A sociologist and food security specialist at Venezuela's Central University, Édison Arciniega, estimates, furthemore, that 8 million Venezuelans are suffering from acute hunger, which affects the immune system. He worries, as a result, that the coronavirus may become five times as infectious there as in countries with stable sanitary conditions, and 10 times as lethal.

"These figures indicate a worsening of the humanitarian crisis that pushed 5 million Venezuelans to leave the country in recent years," he said.

As a new, soft-power tool, facemask diplomacy is means, therefore, for China to increase its presence in the region's socio-political sphere.

China's donations to Venezuela are being made, however, through the government of President Nicolás Maduro, the same administration that caused this crisis. This is the political group that has wasted the biggest oil bonanza of the country's history and mismanaged $65 billion of loans from China.

Just as the country's petrodollars were used to buy political allegiance in the region, the Maduro regime employs the aid it receives from China, or any other, as a political weapon rather than to benefit ordinary Venezuelans. A case in point was Maduro's announcement that Venezuela would send testing kits to Saint Vincent and the Grenadines, a relatively prosperous country, just two weeks before the UN Security Council was to discuss the state of Venezuela. Along with Russia, Saint Vincent was one of just two states that then emphatically defended the Maduro regime.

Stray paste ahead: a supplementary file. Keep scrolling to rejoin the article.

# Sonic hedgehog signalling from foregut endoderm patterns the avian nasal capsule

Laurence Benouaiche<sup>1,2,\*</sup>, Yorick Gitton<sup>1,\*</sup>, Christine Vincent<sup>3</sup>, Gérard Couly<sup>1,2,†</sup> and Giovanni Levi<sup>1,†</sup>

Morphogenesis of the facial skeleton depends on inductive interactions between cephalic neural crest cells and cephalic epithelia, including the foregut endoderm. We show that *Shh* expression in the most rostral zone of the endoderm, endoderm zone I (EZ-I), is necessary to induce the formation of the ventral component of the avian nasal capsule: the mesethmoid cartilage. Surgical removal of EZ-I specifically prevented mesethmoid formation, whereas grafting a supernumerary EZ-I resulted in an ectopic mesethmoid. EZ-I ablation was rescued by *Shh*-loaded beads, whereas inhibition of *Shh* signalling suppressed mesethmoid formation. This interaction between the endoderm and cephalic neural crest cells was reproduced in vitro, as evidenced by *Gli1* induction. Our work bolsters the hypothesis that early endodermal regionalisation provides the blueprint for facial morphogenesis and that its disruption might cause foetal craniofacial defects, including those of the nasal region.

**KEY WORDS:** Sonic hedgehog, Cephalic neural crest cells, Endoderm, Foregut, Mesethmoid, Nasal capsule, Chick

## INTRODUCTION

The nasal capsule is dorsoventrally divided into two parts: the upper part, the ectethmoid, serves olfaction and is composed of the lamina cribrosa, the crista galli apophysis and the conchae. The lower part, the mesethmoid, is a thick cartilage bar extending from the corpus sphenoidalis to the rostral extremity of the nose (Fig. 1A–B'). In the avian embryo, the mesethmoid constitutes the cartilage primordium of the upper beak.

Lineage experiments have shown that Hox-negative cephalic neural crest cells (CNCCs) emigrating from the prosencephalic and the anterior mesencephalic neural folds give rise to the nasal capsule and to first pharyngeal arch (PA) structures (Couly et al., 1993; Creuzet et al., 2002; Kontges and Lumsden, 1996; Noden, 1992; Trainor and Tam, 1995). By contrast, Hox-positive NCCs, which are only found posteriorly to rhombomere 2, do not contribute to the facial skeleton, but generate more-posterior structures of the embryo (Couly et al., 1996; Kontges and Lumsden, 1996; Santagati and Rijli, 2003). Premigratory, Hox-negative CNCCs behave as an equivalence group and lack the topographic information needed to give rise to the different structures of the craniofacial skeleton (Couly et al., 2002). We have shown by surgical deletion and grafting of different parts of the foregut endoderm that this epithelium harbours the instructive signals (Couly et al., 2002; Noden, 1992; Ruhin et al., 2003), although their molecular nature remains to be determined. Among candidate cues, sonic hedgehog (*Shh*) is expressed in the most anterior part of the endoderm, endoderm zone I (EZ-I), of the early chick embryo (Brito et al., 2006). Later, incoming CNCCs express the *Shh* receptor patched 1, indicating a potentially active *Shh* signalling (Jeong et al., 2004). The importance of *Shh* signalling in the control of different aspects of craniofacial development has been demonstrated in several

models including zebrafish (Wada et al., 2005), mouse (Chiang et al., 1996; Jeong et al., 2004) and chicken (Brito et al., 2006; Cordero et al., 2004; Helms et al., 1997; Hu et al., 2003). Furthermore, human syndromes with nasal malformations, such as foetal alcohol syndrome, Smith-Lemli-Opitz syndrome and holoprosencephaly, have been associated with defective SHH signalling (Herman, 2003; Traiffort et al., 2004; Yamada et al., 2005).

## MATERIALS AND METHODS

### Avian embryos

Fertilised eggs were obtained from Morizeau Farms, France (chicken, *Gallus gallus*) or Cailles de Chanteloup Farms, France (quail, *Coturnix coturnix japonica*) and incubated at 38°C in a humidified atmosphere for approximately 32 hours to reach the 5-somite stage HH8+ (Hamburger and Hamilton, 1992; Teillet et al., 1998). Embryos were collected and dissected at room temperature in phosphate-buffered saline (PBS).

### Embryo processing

The Chinese government hasn't said so publicly, but it has long been aware of the state of Venezuela. In 2016, it sent a delegation to Caracas to convey its concerns over security and the money owed to China. Certain Chinese officials stated that there was consensus in Beijing that no more money should be invested in Venezuela and the regime be abandoned. An increasing number of Chinese analysts have also decried loans to Venezuela as a waste of public money, or just bad debt.

Most Latin American states recognize Juan Guaidó as Venezuela's provisional president and legitimate head of state. Thus the Chinese government's position and actions there will affect how the region perceives China in the short and medium terms, since the Venezuelan crisis has already spread beyond its frontiers.

If Venezuela were to become the pandemic's regional hotspot, it would seriously affect the ability of neighboring countries to contain the virus, with unforeseen consequences. And while Maduro clings to power and Venezuela's situation worsens, any country perceived in the hemisphere as Maduro's friend would be risking its relations with the region.